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Stomach cancer


For many years it has been known that there is a relationship between chronic high salt intake and increased risk of gastric cancer. In 2010 there were approximately 7000 newly diagnosed cases of stomach cancer in the UK, a quarter of which (1694) can be attributed to salt.(1) Stomach cancer has a poor prognosis, with the 5 year survival rate being just 15%.(2)

The bacterium Helicobacter pylori is the major risk factor for stomach cancer, as it can lead to inflammation and gastric ulcers which can progress into stomach cancer, (3,4) and salt has been found to increase the action of H. pylori.(3,6)

Symptoms of stomach cancer may include indigestion, lack of appetite, a feeling of fullness, bleeding, blood in the stools, blood clots, pain and/or sickness.

Who is at risk of Stomach Cancer?

Men are at a greater risk of stomach cancer than women. Stomach cancer is most common in the over 55s with less than 8% of cases being diagnosed before this point.(2) People in the most deprived social groups are also at a greater risk.(5) Not all cases involve an infection with H. pylori, however those who have the infection are at a greater risk of stomach cancer.

How does Salt Contribute?

Studies have shown that a chronic H. pylori infection is closely associated with salt intake (Fig 1).(6,7,8) Salt has been found to increase the growth and action of H. pylori, thus increasing the risk of cancer.(3,6) Salt may also act as an irritant/inflammatory agent of the stomach lining, which can expose it to carcinogens.(9,10)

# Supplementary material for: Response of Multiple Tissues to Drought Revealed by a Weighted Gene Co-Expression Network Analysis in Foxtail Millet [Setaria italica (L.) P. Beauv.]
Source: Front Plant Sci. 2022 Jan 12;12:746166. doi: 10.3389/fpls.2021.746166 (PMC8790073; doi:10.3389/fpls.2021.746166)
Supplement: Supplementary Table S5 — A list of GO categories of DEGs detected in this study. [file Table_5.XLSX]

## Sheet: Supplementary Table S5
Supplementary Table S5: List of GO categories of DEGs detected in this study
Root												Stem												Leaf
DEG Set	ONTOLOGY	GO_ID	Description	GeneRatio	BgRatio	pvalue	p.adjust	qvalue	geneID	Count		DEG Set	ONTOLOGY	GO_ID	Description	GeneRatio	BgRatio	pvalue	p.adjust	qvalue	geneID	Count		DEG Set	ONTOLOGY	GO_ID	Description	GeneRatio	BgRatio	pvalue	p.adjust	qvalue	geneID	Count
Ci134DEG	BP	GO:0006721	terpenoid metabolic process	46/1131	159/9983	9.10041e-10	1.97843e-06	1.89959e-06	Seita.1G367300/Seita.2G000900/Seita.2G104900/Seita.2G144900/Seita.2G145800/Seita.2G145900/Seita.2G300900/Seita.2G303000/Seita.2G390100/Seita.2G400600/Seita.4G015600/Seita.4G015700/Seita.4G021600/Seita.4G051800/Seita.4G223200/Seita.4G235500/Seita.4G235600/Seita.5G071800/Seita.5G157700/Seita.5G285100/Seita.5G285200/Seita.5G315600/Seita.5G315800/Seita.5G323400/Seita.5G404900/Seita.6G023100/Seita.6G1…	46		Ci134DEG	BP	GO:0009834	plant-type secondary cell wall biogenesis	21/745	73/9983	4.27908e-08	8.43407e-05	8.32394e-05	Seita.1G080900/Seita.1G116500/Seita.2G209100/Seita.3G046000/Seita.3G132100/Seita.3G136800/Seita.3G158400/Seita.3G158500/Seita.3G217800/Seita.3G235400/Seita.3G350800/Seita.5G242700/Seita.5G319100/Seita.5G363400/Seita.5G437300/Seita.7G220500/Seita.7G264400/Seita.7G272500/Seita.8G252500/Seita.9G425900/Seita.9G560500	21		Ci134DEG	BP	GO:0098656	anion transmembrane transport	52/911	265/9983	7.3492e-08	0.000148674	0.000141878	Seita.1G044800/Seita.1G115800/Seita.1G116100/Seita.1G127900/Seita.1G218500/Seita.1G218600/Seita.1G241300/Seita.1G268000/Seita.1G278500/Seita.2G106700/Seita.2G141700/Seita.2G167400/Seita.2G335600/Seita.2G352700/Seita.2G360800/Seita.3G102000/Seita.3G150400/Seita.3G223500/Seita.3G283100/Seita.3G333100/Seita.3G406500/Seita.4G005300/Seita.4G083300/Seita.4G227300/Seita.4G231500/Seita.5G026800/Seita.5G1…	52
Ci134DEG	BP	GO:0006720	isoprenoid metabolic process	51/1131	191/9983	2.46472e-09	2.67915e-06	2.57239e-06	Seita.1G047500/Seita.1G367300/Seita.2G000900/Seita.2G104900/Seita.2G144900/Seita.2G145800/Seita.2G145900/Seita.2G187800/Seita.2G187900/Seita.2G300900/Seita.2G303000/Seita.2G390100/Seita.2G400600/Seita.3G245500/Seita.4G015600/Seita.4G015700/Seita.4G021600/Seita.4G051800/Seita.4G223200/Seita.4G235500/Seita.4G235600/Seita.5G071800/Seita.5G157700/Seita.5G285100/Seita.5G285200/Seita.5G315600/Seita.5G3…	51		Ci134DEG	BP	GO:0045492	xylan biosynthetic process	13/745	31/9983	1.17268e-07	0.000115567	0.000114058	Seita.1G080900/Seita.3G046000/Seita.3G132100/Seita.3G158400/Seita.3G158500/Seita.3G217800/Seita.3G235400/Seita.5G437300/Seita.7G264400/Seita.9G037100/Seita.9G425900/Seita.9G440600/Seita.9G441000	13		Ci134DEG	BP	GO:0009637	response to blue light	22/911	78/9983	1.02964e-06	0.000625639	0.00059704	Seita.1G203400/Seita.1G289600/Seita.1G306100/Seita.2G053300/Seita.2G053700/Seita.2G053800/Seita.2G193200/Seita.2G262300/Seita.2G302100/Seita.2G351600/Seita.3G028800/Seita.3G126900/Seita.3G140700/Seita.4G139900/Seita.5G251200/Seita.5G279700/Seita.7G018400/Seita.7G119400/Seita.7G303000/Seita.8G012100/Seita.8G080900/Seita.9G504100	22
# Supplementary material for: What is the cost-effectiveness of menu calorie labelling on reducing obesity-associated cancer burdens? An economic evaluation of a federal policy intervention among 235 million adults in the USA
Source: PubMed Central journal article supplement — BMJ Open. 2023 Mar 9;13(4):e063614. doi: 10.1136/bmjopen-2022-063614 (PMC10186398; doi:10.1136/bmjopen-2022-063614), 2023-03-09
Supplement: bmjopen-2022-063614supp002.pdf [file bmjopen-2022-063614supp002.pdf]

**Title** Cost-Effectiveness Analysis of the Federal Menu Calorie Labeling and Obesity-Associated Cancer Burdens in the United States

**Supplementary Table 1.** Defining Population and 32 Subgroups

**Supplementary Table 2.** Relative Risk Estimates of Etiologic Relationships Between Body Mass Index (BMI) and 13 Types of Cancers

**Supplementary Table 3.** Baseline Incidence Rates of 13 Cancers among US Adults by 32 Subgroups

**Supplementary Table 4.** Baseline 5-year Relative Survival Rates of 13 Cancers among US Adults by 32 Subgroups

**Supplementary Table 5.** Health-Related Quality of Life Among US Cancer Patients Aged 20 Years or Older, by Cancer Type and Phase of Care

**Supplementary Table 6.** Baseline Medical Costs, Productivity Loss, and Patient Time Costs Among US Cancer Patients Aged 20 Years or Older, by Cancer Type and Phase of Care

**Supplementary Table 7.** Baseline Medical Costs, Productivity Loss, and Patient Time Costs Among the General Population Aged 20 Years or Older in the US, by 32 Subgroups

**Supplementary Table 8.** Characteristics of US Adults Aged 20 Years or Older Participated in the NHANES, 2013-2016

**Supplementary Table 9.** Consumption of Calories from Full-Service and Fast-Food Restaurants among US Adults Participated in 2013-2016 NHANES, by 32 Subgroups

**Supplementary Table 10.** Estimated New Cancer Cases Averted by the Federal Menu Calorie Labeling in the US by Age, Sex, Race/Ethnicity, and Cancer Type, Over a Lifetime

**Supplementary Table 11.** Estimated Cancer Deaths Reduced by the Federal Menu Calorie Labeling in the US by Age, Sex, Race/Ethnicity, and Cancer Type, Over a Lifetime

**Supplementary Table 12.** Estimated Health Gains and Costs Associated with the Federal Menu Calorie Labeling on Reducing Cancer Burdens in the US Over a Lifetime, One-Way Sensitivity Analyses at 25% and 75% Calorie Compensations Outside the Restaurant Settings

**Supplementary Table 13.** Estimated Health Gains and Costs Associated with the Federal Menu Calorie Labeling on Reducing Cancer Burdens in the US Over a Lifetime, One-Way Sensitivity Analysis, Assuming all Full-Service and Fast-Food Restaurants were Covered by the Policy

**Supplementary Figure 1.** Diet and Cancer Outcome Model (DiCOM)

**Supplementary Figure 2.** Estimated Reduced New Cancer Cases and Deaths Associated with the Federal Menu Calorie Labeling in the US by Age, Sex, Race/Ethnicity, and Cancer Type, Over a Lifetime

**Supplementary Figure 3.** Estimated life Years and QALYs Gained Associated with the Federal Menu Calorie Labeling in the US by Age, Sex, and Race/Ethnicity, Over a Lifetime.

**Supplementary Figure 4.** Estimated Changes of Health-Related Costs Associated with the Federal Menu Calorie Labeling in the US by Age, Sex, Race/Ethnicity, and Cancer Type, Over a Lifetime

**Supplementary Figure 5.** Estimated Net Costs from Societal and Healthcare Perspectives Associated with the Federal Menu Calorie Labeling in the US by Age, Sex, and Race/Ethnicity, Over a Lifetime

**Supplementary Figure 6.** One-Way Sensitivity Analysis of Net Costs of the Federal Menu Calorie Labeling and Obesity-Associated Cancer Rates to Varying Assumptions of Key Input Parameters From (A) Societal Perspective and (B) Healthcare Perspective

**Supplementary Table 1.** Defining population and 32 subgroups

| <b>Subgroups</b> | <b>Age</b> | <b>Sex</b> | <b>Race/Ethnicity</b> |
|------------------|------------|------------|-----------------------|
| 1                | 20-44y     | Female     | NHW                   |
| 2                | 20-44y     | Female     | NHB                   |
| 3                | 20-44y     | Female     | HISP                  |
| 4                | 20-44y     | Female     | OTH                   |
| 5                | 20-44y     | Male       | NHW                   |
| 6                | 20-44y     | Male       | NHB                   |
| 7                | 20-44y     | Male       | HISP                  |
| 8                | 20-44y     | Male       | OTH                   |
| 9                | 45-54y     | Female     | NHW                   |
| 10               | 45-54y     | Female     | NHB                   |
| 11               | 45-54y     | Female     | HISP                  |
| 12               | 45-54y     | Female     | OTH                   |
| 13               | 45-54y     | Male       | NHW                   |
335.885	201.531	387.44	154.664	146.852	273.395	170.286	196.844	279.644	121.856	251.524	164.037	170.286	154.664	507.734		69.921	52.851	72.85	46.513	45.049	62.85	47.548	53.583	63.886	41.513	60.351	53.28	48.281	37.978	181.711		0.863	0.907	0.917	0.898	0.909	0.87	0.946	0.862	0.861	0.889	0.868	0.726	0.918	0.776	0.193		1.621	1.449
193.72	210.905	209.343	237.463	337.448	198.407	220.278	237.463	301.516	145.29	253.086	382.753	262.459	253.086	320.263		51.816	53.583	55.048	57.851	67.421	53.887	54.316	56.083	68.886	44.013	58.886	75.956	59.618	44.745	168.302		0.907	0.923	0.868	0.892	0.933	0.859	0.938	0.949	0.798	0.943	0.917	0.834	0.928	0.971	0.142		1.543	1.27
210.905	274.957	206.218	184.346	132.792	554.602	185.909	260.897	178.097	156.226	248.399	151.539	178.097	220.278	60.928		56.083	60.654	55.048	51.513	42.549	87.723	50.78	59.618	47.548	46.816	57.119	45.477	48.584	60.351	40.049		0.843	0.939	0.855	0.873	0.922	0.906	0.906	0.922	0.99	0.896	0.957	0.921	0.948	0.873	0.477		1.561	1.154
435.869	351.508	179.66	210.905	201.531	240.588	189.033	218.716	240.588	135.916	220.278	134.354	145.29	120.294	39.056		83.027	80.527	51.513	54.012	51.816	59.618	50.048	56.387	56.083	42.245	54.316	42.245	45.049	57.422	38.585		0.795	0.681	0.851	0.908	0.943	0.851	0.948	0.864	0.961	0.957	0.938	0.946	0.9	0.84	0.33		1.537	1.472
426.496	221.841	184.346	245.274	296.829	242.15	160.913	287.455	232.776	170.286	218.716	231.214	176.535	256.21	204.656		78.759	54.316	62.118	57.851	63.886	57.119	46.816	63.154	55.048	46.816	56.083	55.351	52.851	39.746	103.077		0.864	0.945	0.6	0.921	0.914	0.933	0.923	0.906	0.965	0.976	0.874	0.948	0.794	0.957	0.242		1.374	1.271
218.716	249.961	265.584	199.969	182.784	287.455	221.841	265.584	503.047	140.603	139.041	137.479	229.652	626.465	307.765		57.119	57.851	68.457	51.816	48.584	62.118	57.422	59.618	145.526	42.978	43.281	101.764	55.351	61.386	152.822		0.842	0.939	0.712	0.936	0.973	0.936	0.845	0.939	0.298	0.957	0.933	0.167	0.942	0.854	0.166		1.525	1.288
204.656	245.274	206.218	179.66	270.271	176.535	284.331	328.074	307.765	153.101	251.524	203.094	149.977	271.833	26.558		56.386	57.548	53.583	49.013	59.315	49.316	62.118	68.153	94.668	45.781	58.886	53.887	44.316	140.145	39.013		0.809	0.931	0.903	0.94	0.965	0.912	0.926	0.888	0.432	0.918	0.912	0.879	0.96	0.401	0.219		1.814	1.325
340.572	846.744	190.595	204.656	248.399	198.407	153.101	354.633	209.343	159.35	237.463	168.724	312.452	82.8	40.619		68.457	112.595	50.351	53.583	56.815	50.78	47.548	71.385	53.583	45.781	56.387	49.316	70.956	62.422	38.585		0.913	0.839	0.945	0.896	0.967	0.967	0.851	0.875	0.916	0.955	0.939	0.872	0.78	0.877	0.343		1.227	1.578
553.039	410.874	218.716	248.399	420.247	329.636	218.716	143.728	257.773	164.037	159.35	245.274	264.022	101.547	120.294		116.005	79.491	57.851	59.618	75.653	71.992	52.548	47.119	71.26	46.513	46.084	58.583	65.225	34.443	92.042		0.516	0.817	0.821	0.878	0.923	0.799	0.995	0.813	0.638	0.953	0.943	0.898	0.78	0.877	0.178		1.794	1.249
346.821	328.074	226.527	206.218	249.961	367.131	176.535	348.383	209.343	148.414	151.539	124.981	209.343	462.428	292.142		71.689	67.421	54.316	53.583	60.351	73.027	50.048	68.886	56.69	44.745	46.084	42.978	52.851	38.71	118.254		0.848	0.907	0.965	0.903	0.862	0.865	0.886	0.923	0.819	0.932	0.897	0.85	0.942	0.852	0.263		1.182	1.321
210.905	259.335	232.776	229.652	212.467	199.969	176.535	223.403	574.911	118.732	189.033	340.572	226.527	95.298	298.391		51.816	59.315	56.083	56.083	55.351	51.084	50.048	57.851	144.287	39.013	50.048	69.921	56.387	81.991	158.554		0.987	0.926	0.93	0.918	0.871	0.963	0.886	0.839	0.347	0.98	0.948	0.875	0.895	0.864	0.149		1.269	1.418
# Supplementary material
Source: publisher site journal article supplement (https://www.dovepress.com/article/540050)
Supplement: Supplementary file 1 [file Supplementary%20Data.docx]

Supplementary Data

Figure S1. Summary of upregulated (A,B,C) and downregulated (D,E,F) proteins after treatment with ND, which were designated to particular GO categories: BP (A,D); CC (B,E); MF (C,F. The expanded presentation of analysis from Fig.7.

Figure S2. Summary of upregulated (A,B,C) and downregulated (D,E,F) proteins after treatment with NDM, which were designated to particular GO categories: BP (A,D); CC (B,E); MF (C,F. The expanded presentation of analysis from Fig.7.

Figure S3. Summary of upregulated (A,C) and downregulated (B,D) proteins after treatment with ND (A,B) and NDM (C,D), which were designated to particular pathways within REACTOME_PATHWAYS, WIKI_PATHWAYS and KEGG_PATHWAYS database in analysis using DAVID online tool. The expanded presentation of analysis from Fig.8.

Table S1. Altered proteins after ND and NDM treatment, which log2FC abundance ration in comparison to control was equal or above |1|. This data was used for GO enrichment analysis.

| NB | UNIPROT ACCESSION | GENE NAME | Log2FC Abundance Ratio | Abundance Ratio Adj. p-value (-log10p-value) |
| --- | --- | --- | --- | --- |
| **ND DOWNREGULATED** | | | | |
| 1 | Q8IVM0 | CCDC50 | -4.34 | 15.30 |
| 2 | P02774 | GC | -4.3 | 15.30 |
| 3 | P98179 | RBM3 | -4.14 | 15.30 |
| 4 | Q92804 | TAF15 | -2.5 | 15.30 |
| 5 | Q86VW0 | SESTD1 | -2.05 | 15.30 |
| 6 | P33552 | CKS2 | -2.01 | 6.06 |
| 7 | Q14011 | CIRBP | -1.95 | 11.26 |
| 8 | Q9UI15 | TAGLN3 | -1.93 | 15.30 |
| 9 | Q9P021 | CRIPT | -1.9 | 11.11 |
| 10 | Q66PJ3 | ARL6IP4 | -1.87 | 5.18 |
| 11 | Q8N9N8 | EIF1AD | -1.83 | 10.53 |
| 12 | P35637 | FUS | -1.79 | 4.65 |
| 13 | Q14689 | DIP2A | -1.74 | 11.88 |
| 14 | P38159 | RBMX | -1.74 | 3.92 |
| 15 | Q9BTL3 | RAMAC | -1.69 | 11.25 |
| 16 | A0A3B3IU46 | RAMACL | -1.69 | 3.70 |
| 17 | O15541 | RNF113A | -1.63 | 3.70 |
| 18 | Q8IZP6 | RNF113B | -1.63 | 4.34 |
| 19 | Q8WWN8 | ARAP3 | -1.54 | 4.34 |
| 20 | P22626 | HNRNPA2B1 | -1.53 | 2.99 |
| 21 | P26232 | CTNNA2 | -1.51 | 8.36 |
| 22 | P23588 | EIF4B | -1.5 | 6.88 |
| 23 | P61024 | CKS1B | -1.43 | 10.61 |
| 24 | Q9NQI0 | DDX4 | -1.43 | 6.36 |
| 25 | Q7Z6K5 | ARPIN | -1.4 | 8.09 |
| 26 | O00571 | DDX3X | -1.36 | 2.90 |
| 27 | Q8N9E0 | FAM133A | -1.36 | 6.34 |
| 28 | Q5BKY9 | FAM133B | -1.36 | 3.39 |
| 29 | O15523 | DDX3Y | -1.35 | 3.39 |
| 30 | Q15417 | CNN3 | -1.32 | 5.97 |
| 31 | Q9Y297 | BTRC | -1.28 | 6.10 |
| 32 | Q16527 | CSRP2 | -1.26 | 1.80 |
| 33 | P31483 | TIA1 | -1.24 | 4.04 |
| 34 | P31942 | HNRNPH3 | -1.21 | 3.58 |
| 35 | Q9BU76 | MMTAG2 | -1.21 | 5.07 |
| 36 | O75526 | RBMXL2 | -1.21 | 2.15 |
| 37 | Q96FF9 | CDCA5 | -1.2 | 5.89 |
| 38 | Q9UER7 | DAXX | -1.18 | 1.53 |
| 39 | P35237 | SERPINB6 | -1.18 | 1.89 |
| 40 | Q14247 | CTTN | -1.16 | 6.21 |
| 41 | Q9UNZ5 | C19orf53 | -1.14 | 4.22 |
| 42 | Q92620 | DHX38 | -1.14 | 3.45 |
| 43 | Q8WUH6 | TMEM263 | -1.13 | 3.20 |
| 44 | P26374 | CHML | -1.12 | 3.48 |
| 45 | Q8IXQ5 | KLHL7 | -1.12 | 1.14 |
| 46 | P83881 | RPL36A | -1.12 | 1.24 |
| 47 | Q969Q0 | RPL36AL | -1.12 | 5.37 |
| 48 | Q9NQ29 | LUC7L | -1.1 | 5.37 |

A recent meta-analysis of 7 prospective studies by D’Elia et al, demonstrates a relationship between increasing salt intake and risk of gastric cancer.(11)  270,000 individuals were followed up over 6-15 years and those with high salt intakes had a 68% higher risk of developing gastric cancer than those with low intakes. Similarly, a 2007 meta-analysis of cohort studies found that for every gram of salt intake per day, the risk of developing stomach cancer increased by 8%.(12)

An earlier study looking at deaths from stomach cancer among 39 populations from 24 countries found a significant and direct association between salt intake and stomach cancer deaths (Fig 2).(13) Countries that have a high salt intake tend to have higher numbers of people dying from stomach cancer, posing a major public health problem for countries with have high salt intakes such as Northern China, Japan and Korea. In Japan, where cancer of the stomach is the most common cancer, a positive correlation between salt intake and stomach cancer incidence in different geographical regions has been found.(8) A higher risk of stomach cancer has been found in people who have a preference for salty food including salt-preserved meat and fish.(14)

A reduction in salt intake may reduce H. pylori infection and therefore significantly reduce the risk of developing stomach cancer.(15)

Figure 1 – The relationship between gastric cancer, salt and H.pylori infection. (7)

Figure 2 – Deaths from stomach cancer compared to salt intake. (10)